#199 CHET LEMON CF White Sox/Tigers
OPS+ 120
BFW 18.5
WARP3 98.3

Like Cey, a player from the 70s and 80s who you would not automatically think of as being one of the 200 best major league baseball players ever - like Cey, Lemon's value was overlooked because of the offensive spike which followed his career and a lack of awareness of the value of defense. Lemon also spent his career pretty far outside the baseball media centers; Lemon had a 9.8 WARP3 for that '84 Tiger team that won 104 games and the WS - second highest to Trammell (11.1) - that was a helluva team; Trammell, Whitaker, and Evans all oughta be in the HOF with Lemon in the next tier - and then Parrish (87.2 career WARP3) and Morris (85.0) at the next level. Throw in Gibson and a career year from Willie Hernandez (9.0 WARP3) and that's just a great, great team. If you started asking even hardcore Tiger fans who had the best seasons from their WS team - I wonder how many would be able to place Chet Lemon second. It is an absolute coincidence, literally with no massaging whatsoever, that next on the list, at #198, is going to be Bob Lemon.

2008 AL All Star Roster

See the previous post please for the prefatory discussion of the rosters.

AL All Star Roster w/ WARP3

Joe Mauer
Kevin Youkilis
Dustin Pedroia
Alex Rodriguez
New York
Derek Jeter
New York
Josh Hamilton
Manny Ramirez
Ichiro Suzuki
# David Ortiz

@Justin Duchscherer
Roy Halladay
Scott Kazmir
Tampa Bay
Cliff Lee
@Joe Nathan
Jonathan Papelbon
Mariano Rivera
New York
Francisco Rodriguez
Los Angeles
Ervin Santana
Los Angeles
Joe Saunders
Los Angeles
@George Sherrill
@Joakim Soria
Kansas City

@Dioner Navarro
Tampa Bay
Jason Varitek
Justin Morneau
Ian Kinsler
Michael Young
Joe Crede
@Carlos Guillen
J.D. Drew
Carlos Quentin
Grady Sizemore
Milton Bradley

Mauer and Navarro are the two catchers I picked; having a 3rd catcher makes sense, but there really isn't one deserving. Pudge Rodriguez is 6.1, and not for nothing, but he's a first ballot Hall of Famer. In fact, keep reading the relaunched list of the 200 Greatest Major League Baseball Players ever to see the historical esteem in which Ivan Rodriguez should be held. He should be the 3rd catcher this season instead of Varitek. I took Giambi (6.2) as my backup to Youkilis at first, but Morneau's having a better season, they got that right. The fans picked Pedroia, who is having a good year, but not as good as Kinsler, who still has the highest WARP3 in the AL, or my choice for backup, Brian Roberts (9.6). Adding Roberts would allow the AL to drop Sherill as the Oriole rep, which would be an upgrade. My AL starting shortstop is also the backup, also from the Rangers, and he's having a wildly better year than Jeter, who frankly, has been terrible. I named Jeter as my backup, but that's dumb; Orlando Cabrera's WARP3 is 7.3, he should be the backup to Young. But Jeter, as the SI player poll correctly noted, is the most overrated player in baseball and the fans voted him to start.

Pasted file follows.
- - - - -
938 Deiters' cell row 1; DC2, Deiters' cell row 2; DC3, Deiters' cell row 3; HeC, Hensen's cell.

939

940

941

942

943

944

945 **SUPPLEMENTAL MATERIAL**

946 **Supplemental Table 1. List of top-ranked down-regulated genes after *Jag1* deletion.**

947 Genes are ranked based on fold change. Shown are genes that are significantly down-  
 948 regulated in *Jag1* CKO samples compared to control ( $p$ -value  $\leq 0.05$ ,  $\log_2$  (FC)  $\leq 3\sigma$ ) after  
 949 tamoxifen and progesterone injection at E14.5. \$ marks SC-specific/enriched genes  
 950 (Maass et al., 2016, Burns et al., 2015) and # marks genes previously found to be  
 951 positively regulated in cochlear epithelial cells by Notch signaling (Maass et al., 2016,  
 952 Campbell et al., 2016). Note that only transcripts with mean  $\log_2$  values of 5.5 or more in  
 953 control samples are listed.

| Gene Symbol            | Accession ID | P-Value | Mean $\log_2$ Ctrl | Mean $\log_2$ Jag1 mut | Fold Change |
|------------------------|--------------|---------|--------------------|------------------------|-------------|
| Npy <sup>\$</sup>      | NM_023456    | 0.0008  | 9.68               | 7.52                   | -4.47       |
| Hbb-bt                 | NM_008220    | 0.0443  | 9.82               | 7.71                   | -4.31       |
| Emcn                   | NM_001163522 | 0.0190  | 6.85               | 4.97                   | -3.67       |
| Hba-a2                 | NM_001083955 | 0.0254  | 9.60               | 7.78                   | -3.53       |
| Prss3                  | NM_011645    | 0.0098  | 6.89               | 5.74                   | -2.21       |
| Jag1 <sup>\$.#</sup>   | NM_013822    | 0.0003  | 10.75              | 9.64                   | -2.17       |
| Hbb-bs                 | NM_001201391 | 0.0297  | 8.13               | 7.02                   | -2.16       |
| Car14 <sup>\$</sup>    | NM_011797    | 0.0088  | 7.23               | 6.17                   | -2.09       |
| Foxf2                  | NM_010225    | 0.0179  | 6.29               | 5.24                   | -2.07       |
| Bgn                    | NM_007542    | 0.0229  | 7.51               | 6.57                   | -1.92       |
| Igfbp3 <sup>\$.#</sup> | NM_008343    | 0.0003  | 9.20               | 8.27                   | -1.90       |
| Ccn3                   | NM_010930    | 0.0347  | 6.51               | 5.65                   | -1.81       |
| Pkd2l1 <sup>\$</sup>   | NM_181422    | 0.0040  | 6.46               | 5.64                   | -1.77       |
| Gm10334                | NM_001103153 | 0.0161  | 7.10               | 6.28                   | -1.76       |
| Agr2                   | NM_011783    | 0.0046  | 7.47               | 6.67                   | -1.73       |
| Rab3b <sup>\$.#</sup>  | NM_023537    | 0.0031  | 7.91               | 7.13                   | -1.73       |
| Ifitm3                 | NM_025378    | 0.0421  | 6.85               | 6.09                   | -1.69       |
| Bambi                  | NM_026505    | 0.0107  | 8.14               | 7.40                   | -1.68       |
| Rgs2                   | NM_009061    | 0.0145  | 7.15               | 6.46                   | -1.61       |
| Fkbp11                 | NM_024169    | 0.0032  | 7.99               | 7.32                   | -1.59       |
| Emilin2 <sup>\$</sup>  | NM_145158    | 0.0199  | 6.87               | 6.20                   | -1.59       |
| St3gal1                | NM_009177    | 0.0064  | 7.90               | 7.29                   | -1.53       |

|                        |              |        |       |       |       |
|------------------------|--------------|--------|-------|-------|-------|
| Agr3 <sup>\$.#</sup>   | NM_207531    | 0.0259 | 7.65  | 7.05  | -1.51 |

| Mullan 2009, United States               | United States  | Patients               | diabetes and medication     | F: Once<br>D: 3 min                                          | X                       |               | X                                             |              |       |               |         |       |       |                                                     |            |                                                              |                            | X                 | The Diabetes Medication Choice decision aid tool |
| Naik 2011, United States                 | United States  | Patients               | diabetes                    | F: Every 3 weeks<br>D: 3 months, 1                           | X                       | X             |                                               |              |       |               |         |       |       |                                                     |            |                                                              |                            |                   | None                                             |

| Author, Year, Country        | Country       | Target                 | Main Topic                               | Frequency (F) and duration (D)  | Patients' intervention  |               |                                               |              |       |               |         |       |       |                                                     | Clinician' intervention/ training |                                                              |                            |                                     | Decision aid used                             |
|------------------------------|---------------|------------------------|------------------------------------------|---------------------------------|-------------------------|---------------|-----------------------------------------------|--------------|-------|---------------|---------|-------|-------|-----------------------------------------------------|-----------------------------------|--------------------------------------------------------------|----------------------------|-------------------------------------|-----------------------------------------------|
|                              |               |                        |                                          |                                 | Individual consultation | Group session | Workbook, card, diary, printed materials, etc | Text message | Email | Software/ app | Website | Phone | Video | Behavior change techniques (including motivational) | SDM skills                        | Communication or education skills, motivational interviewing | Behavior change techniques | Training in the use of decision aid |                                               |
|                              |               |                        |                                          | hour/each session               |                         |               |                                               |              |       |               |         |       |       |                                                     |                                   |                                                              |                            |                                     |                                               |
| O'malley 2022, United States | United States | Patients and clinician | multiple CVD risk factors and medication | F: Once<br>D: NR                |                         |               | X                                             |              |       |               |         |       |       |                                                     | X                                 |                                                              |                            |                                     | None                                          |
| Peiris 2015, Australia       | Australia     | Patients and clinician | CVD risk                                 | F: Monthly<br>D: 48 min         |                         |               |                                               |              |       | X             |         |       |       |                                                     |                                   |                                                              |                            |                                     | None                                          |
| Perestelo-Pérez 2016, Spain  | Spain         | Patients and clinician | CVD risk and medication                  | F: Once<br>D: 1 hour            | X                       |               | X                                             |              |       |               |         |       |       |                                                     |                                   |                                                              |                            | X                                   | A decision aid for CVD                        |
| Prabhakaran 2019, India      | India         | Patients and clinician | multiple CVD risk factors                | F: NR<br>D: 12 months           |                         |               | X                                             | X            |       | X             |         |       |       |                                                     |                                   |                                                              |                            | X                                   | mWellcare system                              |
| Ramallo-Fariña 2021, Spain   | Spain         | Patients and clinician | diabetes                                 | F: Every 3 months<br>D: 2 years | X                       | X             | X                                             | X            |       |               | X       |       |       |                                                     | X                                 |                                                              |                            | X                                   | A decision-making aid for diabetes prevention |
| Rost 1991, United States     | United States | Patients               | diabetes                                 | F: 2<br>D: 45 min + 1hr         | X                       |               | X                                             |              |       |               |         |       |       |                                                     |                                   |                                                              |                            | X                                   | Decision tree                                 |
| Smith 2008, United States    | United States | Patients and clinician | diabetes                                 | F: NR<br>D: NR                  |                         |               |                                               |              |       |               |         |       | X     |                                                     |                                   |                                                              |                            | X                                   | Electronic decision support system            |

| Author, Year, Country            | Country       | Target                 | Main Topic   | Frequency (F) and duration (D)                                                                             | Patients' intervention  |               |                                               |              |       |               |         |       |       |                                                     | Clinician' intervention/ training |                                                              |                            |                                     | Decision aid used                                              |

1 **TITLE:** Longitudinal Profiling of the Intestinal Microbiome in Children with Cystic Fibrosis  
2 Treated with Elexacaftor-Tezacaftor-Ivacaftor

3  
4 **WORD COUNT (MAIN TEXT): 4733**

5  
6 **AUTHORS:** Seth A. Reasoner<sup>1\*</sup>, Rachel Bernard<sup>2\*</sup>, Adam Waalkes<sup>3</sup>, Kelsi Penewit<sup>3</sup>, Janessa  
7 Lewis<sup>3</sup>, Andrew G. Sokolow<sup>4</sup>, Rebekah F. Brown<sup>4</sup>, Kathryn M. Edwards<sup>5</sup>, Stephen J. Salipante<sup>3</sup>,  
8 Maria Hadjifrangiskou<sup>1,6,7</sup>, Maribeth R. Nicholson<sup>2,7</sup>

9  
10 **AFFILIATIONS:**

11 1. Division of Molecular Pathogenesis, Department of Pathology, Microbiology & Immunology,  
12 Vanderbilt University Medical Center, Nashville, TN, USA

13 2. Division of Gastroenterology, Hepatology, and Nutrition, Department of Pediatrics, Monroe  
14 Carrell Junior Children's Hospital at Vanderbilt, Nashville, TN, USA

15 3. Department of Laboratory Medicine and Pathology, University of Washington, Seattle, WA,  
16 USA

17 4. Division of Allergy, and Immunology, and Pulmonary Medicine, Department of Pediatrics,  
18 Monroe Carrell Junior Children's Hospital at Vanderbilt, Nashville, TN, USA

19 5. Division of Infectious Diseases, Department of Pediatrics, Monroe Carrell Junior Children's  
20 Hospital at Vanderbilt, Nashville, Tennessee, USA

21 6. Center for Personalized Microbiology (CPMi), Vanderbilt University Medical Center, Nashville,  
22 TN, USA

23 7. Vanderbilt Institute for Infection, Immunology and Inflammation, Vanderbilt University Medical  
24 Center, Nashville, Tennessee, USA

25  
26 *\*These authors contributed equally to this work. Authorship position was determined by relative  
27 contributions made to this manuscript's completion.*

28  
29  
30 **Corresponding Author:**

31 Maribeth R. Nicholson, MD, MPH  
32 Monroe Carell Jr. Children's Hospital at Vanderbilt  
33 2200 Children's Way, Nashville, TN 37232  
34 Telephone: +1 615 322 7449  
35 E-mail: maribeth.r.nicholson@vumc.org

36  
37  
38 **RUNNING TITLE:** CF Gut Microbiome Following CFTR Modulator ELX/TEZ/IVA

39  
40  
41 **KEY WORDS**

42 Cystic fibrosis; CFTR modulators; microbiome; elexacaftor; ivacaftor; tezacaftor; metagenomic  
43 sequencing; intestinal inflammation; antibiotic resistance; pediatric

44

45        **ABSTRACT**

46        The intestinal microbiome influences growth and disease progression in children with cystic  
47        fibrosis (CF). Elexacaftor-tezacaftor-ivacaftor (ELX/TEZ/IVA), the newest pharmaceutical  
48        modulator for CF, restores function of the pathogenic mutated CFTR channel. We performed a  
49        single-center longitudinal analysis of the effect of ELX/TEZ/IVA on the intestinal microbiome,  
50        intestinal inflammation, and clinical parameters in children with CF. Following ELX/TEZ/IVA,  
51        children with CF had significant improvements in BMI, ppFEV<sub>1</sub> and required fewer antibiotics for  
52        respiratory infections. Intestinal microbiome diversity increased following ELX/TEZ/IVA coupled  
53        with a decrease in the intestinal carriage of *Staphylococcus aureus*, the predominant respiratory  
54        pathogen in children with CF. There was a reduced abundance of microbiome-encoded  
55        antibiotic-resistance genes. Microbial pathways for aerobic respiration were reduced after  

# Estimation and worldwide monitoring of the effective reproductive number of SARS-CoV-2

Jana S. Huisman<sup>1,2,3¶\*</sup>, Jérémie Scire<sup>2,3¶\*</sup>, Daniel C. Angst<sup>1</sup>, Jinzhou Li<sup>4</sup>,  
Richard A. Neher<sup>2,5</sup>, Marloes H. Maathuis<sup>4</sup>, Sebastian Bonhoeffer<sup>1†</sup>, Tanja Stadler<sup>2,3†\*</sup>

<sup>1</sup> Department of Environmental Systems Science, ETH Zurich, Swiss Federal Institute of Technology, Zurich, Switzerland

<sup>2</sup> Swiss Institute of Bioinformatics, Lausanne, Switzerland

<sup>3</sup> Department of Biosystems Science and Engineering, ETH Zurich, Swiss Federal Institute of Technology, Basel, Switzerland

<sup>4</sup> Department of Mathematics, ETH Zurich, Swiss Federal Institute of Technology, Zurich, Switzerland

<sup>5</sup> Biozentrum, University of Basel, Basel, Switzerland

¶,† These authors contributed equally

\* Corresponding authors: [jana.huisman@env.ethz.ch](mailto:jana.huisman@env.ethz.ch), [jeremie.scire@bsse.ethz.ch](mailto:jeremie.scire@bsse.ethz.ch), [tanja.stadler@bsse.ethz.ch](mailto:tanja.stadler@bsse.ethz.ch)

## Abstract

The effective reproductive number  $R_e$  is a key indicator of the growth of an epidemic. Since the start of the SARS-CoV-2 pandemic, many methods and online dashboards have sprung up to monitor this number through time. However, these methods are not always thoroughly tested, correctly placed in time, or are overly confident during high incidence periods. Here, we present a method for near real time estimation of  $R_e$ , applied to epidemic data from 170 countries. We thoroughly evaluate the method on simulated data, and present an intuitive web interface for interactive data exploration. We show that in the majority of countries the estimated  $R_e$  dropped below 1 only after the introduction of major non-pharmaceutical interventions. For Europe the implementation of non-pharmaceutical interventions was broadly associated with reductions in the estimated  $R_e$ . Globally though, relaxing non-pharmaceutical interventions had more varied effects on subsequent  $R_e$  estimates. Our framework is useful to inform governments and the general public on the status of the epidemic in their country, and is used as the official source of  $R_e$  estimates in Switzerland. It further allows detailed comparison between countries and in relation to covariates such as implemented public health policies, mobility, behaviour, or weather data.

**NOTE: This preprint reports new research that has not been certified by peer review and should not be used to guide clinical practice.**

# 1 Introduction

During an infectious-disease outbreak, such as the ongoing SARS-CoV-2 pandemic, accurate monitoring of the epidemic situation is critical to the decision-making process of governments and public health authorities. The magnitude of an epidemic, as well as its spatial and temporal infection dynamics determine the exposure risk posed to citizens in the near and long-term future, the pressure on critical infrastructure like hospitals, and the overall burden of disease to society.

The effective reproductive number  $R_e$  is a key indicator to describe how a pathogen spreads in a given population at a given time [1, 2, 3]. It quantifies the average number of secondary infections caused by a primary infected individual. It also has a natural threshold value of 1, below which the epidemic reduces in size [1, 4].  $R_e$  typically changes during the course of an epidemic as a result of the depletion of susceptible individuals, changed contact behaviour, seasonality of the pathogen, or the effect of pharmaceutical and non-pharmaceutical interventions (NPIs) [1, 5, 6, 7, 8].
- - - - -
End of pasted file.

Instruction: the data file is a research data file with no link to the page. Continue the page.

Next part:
My third basemen were ARod, Guillen, and Longoria (10.2) Evan Longoria not only is having a better year than Joe Crede (and is a rookie playing for the best team in baseball) but he's having a better year than ARod. The worst decision made this year was not naming him to the team; you should vote early and often to make him the 32nd player on the AL roster. They did a great job with the AL OF, my only difference was Jermaine Dye (8.5) instead of Ichiro. Ichiro and Manny won the fan vote - actually, Ichiro's WARP3 is significantly better than Manny's and Carlos Quentin's - it's the two of them who shouldn't be going to the All Star game, Ichiro's a good choice. In the NL post, I said that Brian Wilson was the worst All Star this year; technically, it's David Ortiz (2.9) elected by the fans, but he won't play with the injury - he's replaced by Bradley and should be. Taking Quentin over Dye is a weird decision.

There are 6 closers on the AL roster. This is ridiculous. I speak to this at more length in my NL post where I'm irritated with their having 4 closers. I chose 3 for each league, and that's probably 1 more than I'd actually pick if you put me in charge (and you should). As with the NL, 7 of my 12 pitchers made the roster. Instead of Kazmir (4.5) Sherrill (4.8) KRod (6.7) Santana (6.1) and Papelbon (5.7) I had Danks (7.6) Marcum (6.3) King Felix (7.8) Harden (4.5) and Greinke (6.5). Sherill was chosen to get an Oriole, but as discussed, Brian Roberts could fix that. If they replaced Varitek with Pudge, they'd have a Tiger; then they wouldn't need Guillen, who could be replaced by Roberts. Replace Kazmir with Danks, Sherill with Felix -- KRod is a better choice than Harden, Marcum's had a better year than Santana, but he's hurt, so that's a reasonable swap - and then take Greinke over Papelbon. Cliff Lee should start for the AL. Go vote for Evan Longoria.